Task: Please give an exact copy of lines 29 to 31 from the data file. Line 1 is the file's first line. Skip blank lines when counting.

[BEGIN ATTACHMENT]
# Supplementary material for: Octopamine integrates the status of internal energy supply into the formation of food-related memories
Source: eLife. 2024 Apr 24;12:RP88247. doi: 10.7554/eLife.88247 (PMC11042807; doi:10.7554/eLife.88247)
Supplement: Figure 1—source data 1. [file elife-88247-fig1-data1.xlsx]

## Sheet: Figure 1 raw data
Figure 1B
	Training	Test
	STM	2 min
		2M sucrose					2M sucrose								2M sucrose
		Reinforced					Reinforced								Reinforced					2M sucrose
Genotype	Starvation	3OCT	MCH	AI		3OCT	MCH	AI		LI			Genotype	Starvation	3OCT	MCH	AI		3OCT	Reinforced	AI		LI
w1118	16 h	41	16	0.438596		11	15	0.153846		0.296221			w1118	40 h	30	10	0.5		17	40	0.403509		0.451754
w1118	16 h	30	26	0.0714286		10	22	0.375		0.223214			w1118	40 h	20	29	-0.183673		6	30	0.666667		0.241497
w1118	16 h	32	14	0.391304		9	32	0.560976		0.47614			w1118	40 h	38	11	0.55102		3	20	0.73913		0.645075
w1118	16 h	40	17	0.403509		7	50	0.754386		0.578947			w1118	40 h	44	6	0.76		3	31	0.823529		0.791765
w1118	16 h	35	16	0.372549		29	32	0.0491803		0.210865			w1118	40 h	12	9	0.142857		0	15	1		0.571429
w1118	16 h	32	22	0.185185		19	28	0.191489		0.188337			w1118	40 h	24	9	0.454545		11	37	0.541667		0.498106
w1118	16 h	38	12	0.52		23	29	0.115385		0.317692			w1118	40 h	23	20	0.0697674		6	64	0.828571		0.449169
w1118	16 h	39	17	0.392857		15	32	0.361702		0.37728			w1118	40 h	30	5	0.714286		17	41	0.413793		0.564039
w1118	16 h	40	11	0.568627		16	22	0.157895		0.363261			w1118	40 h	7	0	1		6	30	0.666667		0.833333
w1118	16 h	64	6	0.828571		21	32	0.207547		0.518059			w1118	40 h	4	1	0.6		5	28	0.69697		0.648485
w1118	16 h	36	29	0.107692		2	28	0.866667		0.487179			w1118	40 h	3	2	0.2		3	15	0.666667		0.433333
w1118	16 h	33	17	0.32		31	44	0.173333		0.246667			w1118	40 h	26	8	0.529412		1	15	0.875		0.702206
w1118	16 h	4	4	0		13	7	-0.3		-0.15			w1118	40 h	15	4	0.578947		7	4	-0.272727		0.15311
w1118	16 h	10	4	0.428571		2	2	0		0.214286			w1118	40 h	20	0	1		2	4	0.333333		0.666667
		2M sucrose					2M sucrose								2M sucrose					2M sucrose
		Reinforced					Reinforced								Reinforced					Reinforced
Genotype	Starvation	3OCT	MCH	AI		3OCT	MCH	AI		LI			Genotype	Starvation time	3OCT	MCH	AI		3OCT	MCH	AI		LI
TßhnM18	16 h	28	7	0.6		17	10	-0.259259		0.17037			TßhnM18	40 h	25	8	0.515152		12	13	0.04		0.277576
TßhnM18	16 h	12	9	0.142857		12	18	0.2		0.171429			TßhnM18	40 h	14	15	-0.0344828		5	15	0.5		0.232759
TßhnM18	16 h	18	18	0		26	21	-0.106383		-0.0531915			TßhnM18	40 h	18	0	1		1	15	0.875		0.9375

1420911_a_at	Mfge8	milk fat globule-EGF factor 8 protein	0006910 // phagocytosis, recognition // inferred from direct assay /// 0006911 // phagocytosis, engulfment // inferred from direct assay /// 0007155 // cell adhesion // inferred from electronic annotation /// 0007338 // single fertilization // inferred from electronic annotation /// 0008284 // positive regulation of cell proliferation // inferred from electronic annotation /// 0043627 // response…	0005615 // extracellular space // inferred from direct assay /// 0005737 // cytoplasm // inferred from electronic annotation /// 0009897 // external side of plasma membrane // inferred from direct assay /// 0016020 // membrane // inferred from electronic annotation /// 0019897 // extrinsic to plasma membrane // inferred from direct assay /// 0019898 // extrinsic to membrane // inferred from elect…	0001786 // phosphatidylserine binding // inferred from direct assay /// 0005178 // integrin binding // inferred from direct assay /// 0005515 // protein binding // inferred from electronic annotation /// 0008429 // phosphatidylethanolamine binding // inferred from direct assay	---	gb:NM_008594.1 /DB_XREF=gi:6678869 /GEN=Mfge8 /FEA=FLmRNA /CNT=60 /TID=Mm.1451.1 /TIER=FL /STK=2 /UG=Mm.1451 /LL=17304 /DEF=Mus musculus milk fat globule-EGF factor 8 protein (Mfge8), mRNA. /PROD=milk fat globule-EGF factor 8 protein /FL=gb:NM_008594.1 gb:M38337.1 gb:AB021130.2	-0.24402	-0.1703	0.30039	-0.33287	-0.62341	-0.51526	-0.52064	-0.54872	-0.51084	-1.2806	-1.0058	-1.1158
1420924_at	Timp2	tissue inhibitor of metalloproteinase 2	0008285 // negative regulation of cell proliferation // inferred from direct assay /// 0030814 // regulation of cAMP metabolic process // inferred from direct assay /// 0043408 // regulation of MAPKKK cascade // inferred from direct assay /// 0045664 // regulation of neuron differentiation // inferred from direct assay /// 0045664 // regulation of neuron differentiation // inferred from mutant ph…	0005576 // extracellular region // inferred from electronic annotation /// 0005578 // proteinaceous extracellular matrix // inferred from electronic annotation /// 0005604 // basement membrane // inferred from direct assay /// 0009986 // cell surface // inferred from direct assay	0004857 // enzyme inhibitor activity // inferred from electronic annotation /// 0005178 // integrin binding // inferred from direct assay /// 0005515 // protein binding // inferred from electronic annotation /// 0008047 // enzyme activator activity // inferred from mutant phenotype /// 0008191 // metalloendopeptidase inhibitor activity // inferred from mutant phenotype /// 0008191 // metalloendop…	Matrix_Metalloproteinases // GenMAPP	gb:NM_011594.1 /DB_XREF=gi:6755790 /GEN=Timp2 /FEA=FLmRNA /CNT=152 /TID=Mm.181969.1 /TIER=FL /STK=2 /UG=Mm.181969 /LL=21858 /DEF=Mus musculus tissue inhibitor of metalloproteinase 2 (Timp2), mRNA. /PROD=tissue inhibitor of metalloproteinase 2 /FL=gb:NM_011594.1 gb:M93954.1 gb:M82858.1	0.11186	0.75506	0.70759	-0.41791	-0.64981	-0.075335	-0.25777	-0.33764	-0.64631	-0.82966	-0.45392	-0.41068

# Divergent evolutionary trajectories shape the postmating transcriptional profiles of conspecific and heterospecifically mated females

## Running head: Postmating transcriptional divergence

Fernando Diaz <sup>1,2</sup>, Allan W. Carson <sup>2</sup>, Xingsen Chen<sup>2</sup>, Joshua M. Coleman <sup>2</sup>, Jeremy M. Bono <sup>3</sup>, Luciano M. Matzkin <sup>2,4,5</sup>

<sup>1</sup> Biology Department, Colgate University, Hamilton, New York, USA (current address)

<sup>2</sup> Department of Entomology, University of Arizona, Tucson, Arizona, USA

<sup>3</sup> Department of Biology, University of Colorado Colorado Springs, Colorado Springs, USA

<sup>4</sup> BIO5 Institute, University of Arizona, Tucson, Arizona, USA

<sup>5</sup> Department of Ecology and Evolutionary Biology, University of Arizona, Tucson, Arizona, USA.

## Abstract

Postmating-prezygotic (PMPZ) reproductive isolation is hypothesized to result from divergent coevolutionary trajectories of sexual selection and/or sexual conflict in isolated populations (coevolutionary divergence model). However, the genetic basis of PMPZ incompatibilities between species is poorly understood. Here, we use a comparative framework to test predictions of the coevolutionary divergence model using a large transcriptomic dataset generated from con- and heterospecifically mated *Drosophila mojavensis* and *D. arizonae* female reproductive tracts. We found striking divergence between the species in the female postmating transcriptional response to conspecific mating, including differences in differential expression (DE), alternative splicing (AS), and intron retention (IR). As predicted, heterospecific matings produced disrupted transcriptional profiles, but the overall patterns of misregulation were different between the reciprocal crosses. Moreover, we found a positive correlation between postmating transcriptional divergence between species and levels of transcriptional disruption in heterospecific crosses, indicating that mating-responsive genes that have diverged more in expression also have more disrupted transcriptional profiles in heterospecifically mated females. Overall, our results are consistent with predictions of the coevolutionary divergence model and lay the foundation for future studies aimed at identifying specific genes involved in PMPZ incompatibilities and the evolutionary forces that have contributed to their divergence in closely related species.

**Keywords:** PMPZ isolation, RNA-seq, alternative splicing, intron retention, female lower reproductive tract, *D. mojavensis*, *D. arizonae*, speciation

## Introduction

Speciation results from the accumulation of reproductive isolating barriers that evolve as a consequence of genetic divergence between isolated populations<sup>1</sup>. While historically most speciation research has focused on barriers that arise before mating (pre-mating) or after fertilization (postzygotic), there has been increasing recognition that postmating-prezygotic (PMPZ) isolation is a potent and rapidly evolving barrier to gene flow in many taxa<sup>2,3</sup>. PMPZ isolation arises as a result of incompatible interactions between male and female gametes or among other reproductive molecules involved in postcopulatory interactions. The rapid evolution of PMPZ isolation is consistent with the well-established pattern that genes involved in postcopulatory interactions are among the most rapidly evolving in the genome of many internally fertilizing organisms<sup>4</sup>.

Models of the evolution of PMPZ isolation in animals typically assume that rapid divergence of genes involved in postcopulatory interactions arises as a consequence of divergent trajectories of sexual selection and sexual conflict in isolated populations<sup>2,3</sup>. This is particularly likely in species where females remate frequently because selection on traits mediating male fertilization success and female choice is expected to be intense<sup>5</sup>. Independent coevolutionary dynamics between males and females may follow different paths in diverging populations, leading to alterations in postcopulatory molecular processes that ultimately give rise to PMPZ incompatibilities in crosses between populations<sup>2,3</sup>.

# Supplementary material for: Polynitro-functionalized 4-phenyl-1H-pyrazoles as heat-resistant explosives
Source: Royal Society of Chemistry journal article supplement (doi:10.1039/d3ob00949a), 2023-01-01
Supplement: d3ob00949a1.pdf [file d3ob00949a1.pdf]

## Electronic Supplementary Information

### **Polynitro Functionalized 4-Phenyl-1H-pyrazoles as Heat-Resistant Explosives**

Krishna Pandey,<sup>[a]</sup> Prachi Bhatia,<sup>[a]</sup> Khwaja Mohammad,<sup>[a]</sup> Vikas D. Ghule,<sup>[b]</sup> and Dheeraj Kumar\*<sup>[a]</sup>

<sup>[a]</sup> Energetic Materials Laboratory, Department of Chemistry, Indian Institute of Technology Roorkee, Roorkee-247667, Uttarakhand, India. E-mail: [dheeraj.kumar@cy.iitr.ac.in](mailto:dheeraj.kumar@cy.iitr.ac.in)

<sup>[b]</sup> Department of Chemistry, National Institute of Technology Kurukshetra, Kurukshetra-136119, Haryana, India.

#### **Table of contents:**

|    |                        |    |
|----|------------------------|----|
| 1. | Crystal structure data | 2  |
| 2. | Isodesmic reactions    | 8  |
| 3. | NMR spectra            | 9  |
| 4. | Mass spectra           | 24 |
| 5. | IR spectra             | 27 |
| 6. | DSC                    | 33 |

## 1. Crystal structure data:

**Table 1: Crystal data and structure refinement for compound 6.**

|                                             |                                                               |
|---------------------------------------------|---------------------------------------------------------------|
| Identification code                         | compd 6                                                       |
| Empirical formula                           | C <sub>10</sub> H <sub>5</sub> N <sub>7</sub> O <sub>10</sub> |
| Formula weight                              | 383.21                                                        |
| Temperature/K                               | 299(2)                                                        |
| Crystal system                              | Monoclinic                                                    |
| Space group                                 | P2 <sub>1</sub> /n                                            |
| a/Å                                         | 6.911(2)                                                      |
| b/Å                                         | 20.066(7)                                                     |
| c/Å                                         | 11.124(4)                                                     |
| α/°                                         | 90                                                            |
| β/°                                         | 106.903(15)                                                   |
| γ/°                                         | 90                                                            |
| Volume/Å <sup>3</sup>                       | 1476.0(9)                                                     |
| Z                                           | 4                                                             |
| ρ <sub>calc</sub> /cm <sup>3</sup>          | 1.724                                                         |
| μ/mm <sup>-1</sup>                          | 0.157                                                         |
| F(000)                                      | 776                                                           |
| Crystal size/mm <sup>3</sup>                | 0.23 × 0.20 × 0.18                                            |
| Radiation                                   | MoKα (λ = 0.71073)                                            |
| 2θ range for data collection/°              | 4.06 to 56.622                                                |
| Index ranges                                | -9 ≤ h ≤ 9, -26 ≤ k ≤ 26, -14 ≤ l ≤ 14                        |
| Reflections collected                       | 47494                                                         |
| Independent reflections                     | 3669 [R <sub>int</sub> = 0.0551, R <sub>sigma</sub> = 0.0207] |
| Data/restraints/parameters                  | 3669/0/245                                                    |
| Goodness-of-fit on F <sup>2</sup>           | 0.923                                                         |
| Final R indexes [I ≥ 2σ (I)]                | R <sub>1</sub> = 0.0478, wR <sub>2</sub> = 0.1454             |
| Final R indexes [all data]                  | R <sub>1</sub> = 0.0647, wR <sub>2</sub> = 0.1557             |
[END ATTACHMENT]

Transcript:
TßhnM18	16 h	12	9	0.142857		12	18	0.2		0.171429			TßhnM18	40 h	14	15	-0.0344828		5	15	0.5		0.232759
TßhnM18	16 h	18	18	0		26	21	-0.106383		-0.0531915			TßhnM18	40 h	18	0	1		1	15	0.875		0.9375

1420911_a_at	Mfge8	milk fat globule-EGF factor 8 protein	0006910 // phagocytosis, recognition // inferred from direct assay /// 0006911 // phagocytosis, engulfment // inferred from direct assay /// 0007155 // cell adhesion // inferred from electronic annotation /// 0007338 // single fertilization // inferred from electronic annotation /// 0008284 // positive regulation of cell proliferation // inferred from electronic annotation /// 0043627 // response…	0005615 // extracellular space // inferred from direct assay /// 0005737 // cytoplasm // inferred from electronic annotation /// 0009897 // external side of plasma membrane // inferred from direct assay /// 0016020 // membrane // inferred from electronic annotation /// 0019897 // extrinsic to plasma membrane // inferred from direct assay /// 0019898 // extrinsic to membrane // inferred from elect…	0001786 // phosphatidylserine binding // inferred from direct assay /// 0005178 // integrin binding // inferred from direct assay /// 0005515 // protein binding // inferred from electronic annotation /// 0008429 // phosphatidylethanolamine binding // inferred from direct assay	---	gb:NM_008594.1 /DB_XREF=gi:6678869 /GEN=Mfge8 /FEA=FLmRNA /CNT=60 /TID=Mm.1451.1 /TIER=FL /STK=2 /UG=Mm.1451 /LL=17304 /DEF=Mus musculus milk fat globule-EGF factor 8 protein (Mfge8), mRNA. /PROD=milk fat globule-EGF factor 8 protein /FL=gb:NM_008594.1 gb:M38337.1 gb:AB021130.2	-0.24402	-0.1703	0.30039	-0.33287	-0.62341	-0.51526	-0.52064	-0.54872	-0.51084	-1.2806	-1.0058	-1.1158